As we’ve been talking about for quite some time, HDMI has not been a standard that I would consider up to par with the technologies that are available. The best example was with HDMI 1.4a and it’s inability to provide enough bandwidth over an HDMI cable to actually display anything in 4K resolution beyond 24 frames per second. I have spoken extensively with the people at VESA about the limitations of HDMI and how long we’d have to wait until we actually saw it catch up to the competing standard, DisplayPort. But today marks the update of HDMI to HDMI 2.0 from HDMI 1.4a.
Keep in mind, DisplayPort 1.2 has been capable of 4K display since the initial implementation of the standard in graphics cards and displays. DisplayPort 1.2 itself was actually approved as a standard in 2009, four years before HDMI 2.0 basically announced the same specifications. Some say that DisplayPort is a professional standard, but I think it is the better standard, professional or not.
First and foremost, HDMI requires licensing for every single cable and connector while DisplayPort is royalty free and simply requires manufacturers to become members in order to be able to utilize the standard. Additionally, HDMI can only display from one input out to one output and no adapters exist within the standard to enable anything more. There are some new features that HDMI enables within a single display, but the ultimate result is one output to one displays, still.
DisplayPort on the other hand, is capable of taking one single video connector and enabling up to four 1920 x 1080 resolution displays. A single connector that can drive up to four different displays is pretty impressive and versatile. In addition to that, a single DisplayPort 1.2 connector is capable of a maximum data throughput of 21.6 Gbps while HDMI 2.0 is only capable of 18 Gbps. Even though there is a slight bandwidth difference, the bandwidth between HDMI cables varies greatly depending on the quality of the cable and length. DisplayPort 1.2 has enabled 4K at 60 FPS since essentially 2009, while HDMI 2.0 is only enabling such a 4K frame rate in 2013.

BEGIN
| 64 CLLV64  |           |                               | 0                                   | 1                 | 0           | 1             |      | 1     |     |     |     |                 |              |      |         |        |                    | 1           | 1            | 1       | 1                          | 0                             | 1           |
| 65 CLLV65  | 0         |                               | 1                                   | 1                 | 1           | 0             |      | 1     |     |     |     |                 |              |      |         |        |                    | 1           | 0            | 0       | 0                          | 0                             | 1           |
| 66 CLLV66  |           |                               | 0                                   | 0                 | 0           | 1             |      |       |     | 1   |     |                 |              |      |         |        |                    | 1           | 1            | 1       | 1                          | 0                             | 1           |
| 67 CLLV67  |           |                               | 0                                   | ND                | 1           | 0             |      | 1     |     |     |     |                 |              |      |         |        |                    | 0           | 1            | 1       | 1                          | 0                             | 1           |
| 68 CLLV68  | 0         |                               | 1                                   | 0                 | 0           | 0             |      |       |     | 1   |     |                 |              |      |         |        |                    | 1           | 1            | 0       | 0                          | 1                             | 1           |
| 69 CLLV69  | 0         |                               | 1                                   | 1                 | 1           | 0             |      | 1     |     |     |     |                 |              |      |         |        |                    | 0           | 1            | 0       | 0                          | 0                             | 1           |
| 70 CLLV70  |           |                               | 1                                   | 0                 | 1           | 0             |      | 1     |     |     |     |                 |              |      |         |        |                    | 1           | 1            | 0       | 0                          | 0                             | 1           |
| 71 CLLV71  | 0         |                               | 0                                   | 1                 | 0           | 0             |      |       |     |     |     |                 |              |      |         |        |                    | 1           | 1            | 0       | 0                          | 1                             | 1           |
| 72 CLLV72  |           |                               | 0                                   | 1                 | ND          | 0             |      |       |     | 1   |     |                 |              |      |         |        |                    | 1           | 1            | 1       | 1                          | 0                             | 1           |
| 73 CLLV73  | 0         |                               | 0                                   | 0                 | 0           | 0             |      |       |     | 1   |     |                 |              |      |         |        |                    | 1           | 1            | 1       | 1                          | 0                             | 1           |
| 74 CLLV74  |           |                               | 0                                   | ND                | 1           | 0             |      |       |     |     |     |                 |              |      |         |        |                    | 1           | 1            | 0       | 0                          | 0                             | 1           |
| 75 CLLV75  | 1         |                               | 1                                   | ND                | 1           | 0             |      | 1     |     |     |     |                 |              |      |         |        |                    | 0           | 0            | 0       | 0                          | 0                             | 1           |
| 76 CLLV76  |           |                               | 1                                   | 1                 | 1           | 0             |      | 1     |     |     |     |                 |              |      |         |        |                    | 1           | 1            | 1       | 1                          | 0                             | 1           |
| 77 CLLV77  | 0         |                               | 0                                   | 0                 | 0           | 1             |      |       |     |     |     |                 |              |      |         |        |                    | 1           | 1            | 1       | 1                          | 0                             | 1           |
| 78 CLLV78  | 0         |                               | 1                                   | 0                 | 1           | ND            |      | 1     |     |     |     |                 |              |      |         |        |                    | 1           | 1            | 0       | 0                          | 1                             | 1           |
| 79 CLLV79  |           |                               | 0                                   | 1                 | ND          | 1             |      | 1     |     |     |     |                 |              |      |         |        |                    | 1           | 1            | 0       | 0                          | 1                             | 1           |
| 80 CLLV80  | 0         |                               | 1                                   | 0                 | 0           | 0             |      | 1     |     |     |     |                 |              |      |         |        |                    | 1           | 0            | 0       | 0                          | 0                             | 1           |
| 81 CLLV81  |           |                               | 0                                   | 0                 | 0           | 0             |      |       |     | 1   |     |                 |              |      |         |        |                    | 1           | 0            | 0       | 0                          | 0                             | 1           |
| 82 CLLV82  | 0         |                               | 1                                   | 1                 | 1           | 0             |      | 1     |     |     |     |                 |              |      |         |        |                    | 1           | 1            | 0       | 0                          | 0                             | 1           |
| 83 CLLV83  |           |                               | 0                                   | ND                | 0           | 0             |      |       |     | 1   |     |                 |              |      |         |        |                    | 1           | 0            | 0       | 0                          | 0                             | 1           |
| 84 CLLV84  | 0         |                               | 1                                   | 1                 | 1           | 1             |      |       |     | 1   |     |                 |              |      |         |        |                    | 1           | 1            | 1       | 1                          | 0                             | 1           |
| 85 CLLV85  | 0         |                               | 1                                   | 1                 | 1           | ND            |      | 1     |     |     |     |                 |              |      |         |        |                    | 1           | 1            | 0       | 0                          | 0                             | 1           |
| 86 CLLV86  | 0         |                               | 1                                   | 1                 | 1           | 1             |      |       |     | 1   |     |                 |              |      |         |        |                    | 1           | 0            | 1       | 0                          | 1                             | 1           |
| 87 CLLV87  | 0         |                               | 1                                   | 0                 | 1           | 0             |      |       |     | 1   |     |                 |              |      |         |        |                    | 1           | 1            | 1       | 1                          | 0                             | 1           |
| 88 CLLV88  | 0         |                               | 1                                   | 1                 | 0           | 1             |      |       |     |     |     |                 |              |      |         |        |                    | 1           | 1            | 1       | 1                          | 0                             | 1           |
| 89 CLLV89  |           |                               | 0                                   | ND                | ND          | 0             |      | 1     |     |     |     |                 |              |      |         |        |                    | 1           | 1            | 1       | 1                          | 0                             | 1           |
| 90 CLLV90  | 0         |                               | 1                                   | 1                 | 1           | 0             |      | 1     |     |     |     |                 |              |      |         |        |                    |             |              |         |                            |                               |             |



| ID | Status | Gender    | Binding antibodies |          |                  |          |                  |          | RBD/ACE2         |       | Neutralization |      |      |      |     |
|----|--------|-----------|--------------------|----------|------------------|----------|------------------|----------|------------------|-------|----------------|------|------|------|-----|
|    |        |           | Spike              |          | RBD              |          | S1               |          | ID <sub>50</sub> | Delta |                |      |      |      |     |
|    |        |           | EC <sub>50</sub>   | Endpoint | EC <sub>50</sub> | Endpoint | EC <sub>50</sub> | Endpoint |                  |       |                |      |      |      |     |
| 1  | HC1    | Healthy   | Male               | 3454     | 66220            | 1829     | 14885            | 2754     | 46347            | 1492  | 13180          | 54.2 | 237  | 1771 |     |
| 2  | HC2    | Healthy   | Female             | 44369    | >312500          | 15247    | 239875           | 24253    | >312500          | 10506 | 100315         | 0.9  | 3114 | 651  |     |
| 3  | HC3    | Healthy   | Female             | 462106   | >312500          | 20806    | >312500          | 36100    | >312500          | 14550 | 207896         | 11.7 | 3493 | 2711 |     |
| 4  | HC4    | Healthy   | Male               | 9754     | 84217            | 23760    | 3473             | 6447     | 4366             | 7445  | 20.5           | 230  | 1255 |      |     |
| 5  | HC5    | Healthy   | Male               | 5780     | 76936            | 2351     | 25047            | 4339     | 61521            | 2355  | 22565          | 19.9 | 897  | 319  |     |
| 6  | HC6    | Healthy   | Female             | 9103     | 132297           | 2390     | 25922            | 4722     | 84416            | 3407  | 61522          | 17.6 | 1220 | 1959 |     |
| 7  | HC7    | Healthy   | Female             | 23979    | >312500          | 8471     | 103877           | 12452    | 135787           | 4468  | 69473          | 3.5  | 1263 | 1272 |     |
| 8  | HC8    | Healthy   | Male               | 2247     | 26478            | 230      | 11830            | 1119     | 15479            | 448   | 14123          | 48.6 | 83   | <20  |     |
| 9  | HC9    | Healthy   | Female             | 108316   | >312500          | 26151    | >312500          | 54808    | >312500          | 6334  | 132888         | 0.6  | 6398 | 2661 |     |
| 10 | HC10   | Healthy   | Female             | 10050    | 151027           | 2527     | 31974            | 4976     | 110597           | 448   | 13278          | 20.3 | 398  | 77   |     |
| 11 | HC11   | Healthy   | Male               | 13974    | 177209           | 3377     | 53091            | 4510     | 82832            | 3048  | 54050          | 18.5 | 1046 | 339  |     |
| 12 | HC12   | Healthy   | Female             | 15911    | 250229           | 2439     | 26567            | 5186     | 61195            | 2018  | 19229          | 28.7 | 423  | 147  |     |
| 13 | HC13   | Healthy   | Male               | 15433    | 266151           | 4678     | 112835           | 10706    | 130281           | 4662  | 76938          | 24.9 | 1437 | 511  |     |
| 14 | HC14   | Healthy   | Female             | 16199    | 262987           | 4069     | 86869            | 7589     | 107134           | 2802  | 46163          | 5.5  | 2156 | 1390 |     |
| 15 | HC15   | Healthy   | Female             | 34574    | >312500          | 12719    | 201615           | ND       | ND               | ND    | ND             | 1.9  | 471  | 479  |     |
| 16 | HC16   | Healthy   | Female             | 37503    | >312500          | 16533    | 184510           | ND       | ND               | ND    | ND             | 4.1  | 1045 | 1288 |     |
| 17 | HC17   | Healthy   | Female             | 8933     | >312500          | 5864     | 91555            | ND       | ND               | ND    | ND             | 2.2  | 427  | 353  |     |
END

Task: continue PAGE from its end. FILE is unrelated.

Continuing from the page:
HDMI 2.0 also brings a few other interesting features, which I frankly find incredibly niche and irrelevant to almost all consumers. Essentially, HDMI totes themselves as a consumer standard, but most of the new features they have implemented feel more professional and niche than what DisplayPort does.
HDMI 2.0, which is backwards compatible with earlier versions of the HDMI specifications, significantly increases bandwidth up to 18Gbps and adds key enhancements to support continuing market requirements for enhancing the consumer video and audio experience. New functionality (with our commentary) includes:
4K @ 50/60p, (2160p)
Up to 32 audio channels for a multi-dimensional immersive audio experience (what consumer would ever use this?)
Up to 1536kHz audio sample frequency for the highest audio fidelity (once again, what consumer?!)
Simultaneous delivery of dual video streams to multiple users on the same screen (why? just why?)
Simultaneous delivery of multi-stream audio to multiple users (How often do you need multiple audio streams for one display?)
Support for the wide angle theatrical 21:9 video aspect ratio (there are almost no monitors out there with this resolution)
Dynamic synchronization of video and audio streams (this seems arbitrary since this is usually done before output)
CEC extensions provides expanded command and control of consumer electronics devices through a single control point (this could prove useful, but is incredibly vague in terms of what it could do)
Keep in mind all of the features that have been listed above and realize that the only important one is the support for 4K at 60 FPS. Almost none of the other features matter to 99% of the consumer electronics market and the only reason why HDMI will continue to be successful is because they continue to keep the connector the same and people know what an HDMI cable is. So, we’ll continue to watch as DisplayPort grows and improves functionality and usability while HDMI lags 4 years behind it.